Instruction takes the form of lectures to large groups (up to 300 students) and seminars of about 30 students. Students are also expected to participate actively in group work, laboratory work and seminars. The language of instruction is usually Swedish, but a great deal of the compulsory course literature is in English.
A number of courses include practical training in the relevant industry or the public sector. Sometimes the practical training takes place during the summer holidays . In many courses a large part of the final term is devoted to work on a degree project or thesis. Students work on these projects individually or in small groups.
There are two kinds of first degrees - general degrees and professional ones. The professional degrees are awarded upon completion of courses of varying length (2 to 5½ years), leading to specific professions, e.g. University Diploma in medicine or Education. The general degrees are:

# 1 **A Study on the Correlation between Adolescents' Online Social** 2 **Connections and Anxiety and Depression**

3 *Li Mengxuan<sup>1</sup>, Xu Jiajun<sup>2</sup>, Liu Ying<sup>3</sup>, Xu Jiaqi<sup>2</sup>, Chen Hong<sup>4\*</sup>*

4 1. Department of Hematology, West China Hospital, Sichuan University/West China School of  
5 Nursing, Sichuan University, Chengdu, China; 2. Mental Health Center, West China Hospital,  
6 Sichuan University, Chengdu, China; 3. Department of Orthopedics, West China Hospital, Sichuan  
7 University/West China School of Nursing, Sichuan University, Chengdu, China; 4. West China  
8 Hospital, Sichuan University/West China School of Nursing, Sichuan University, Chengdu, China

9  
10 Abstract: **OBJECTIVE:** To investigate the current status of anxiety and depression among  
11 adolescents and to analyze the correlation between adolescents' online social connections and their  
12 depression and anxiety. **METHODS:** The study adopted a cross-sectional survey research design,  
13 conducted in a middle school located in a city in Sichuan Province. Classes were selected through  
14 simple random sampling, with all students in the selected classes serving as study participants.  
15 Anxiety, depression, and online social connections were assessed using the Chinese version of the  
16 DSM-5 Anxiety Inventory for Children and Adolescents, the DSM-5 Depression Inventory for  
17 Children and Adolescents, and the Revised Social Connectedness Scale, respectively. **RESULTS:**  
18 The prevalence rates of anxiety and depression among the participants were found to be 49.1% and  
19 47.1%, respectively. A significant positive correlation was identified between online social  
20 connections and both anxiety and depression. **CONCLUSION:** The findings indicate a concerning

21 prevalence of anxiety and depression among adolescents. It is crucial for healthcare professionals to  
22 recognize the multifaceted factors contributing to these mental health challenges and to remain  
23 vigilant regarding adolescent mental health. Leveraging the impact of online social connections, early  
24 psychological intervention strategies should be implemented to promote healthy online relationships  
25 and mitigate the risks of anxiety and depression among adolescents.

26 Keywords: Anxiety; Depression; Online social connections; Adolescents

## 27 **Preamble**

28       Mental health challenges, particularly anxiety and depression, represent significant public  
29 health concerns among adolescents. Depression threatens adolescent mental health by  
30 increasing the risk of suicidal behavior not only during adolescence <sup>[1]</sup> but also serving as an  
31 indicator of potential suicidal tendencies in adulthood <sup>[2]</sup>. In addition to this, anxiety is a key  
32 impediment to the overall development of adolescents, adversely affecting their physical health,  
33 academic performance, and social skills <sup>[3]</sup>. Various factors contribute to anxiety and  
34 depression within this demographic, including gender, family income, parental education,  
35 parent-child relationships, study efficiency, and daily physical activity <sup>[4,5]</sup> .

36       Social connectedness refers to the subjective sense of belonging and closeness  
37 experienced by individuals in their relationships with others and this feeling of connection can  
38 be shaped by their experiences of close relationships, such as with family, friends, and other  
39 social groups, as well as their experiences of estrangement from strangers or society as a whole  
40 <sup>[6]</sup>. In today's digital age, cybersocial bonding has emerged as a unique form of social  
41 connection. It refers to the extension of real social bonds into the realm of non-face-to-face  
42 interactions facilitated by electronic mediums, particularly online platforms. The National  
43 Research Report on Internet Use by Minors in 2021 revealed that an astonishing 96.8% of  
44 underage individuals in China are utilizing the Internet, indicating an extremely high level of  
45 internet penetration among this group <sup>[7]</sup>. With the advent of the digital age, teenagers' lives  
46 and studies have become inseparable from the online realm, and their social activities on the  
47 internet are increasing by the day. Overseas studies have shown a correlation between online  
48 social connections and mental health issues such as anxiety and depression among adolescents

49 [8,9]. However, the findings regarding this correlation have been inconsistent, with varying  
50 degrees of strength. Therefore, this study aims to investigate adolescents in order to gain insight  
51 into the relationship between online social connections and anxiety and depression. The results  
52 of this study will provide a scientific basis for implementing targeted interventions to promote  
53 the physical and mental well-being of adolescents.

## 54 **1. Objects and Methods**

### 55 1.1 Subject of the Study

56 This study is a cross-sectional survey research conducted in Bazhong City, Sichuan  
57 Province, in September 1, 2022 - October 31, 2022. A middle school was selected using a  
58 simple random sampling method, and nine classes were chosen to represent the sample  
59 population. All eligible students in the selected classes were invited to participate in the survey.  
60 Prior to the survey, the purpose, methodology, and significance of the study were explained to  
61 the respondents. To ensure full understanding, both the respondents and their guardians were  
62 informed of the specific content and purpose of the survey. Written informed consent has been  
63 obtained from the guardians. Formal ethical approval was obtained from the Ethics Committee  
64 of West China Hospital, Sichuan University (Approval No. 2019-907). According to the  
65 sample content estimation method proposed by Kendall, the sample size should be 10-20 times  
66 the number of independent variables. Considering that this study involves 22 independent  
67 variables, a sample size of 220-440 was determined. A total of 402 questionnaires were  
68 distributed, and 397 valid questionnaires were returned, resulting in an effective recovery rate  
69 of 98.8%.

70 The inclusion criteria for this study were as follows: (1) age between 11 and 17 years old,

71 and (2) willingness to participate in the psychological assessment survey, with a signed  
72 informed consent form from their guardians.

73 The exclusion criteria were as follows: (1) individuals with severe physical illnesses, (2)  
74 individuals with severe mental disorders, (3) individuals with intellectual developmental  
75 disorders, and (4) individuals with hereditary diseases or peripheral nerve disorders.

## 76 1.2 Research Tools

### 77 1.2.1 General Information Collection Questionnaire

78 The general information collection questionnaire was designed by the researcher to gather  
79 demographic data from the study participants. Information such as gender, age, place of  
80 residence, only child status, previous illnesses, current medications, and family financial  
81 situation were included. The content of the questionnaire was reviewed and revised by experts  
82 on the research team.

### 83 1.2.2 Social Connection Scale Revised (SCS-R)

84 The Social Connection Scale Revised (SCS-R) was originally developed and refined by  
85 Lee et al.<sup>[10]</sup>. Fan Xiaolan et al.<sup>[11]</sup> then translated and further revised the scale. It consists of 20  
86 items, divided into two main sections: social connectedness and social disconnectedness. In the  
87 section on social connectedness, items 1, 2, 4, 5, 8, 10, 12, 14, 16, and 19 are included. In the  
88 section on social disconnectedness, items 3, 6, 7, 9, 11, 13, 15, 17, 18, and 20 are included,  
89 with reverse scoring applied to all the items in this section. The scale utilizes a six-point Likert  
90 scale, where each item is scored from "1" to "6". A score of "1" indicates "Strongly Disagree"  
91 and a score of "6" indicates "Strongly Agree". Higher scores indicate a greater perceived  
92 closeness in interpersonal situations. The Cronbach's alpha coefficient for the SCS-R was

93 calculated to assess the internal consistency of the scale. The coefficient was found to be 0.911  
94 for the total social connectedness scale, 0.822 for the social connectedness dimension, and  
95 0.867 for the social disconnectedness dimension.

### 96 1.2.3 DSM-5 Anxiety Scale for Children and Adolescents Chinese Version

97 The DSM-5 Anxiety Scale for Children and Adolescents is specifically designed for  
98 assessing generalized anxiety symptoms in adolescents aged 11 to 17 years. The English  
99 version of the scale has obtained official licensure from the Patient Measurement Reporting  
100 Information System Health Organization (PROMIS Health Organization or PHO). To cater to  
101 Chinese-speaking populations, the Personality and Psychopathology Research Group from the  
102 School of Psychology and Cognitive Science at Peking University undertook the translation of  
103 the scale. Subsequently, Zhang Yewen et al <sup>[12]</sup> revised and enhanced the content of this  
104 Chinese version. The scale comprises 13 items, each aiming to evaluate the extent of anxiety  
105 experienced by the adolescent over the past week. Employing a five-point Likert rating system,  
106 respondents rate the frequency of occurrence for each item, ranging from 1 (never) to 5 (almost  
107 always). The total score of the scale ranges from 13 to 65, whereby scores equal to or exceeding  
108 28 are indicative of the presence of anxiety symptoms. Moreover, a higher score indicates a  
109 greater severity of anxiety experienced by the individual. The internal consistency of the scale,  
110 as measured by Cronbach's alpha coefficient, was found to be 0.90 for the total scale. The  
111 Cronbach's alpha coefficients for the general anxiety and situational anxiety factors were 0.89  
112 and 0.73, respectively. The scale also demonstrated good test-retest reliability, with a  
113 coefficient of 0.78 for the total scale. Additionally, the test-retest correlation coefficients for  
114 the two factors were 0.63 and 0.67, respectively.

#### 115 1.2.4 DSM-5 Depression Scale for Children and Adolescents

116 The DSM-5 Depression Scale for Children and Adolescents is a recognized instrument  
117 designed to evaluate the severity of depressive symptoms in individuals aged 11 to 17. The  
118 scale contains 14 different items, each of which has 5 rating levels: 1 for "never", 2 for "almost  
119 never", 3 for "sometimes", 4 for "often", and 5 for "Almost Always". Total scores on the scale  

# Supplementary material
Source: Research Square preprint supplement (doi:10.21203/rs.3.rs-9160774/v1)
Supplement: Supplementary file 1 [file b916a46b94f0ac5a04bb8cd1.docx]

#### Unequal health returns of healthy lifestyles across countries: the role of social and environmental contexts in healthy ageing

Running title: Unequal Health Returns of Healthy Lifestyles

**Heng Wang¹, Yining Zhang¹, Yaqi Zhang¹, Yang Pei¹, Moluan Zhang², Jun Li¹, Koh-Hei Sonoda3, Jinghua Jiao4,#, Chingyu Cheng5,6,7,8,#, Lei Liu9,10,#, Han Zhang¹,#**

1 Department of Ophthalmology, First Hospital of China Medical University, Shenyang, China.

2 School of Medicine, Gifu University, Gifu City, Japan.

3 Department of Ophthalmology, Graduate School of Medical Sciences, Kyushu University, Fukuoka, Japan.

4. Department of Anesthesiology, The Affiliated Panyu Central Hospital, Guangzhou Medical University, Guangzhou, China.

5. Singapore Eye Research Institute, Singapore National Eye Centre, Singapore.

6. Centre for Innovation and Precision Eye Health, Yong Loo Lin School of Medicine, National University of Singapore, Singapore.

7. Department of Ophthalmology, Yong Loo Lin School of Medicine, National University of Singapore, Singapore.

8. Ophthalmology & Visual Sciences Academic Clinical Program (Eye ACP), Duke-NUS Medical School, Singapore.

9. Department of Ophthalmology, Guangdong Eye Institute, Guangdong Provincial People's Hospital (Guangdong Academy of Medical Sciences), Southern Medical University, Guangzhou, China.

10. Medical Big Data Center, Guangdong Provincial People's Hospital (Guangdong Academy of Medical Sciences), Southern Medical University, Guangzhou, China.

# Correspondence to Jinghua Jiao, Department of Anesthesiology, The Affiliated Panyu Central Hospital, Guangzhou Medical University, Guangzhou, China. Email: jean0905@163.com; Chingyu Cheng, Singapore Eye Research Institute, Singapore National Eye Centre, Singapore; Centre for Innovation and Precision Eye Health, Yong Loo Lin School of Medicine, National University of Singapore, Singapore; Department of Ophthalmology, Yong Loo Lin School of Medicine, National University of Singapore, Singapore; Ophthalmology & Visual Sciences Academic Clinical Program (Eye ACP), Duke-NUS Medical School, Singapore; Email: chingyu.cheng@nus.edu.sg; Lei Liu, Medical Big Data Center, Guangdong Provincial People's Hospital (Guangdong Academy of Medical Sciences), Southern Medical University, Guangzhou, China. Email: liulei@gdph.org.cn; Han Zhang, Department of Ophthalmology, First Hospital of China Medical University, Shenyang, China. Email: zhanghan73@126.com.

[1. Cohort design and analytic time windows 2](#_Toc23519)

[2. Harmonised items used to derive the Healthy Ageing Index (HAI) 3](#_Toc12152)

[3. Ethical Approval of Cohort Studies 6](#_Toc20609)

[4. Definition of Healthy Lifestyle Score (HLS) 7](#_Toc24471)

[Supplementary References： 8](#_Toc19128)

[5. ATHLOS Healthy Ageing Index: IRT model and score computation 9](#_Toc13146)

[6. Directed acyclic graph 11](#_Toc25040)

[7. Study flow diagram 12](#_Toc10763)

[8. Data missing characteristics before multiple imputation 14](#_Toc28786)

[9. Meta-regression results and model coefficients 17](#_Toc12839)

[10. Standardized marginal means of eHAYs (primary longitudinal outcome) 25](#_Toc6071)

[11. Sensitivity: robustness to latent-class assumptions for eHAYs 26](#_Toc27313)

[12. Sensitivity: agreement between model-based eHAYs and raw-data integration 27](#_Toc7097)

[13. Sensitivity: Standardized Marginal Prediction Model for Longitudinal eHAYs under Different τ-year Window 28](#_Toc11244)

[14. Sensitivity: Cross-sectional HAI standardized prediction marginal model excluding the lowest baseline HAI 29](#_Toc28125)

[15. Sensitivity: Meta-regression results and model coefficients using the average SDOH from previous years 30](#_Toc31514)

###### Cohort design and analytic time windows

AssessmentAll courses are subject to continuos examination, written and/or oral. There are, however, no final examinations which cover an entire three or five-year programme. This means that the students have to be prepared to give proof of the knowledge they have acquired every three or four week.
Marks are generally awarded on a three-level scale: Fail, Pass and Pass with distinction. Some courses are only graded Fail and Pass and some faculties, i.e. Engineering and Law, have other grading systems.
TeachersAs from the academic year 1993/94, each university and university college is entitled to decide on the establishment of chairs and the appointment of staff. The teaching staff are grouped into the following main categories: professors, senior lectures, lectures and reSearch (in Swedish) assistants. Since 1986 duties of different kinds - teaching, reSearch (in Swedish), personal study, educational counselling and administration - have been included in the same appointment. Professors have some teaching commitments but are mainly engaged in reSearch (in Swedish). Senior lectures must have a doctorate and be active in both reSearch (in Swedish) and teaching. lecturers are not required to have a doctorate. To be appointed, they must also have displayed proficiency in teaching undergraduates.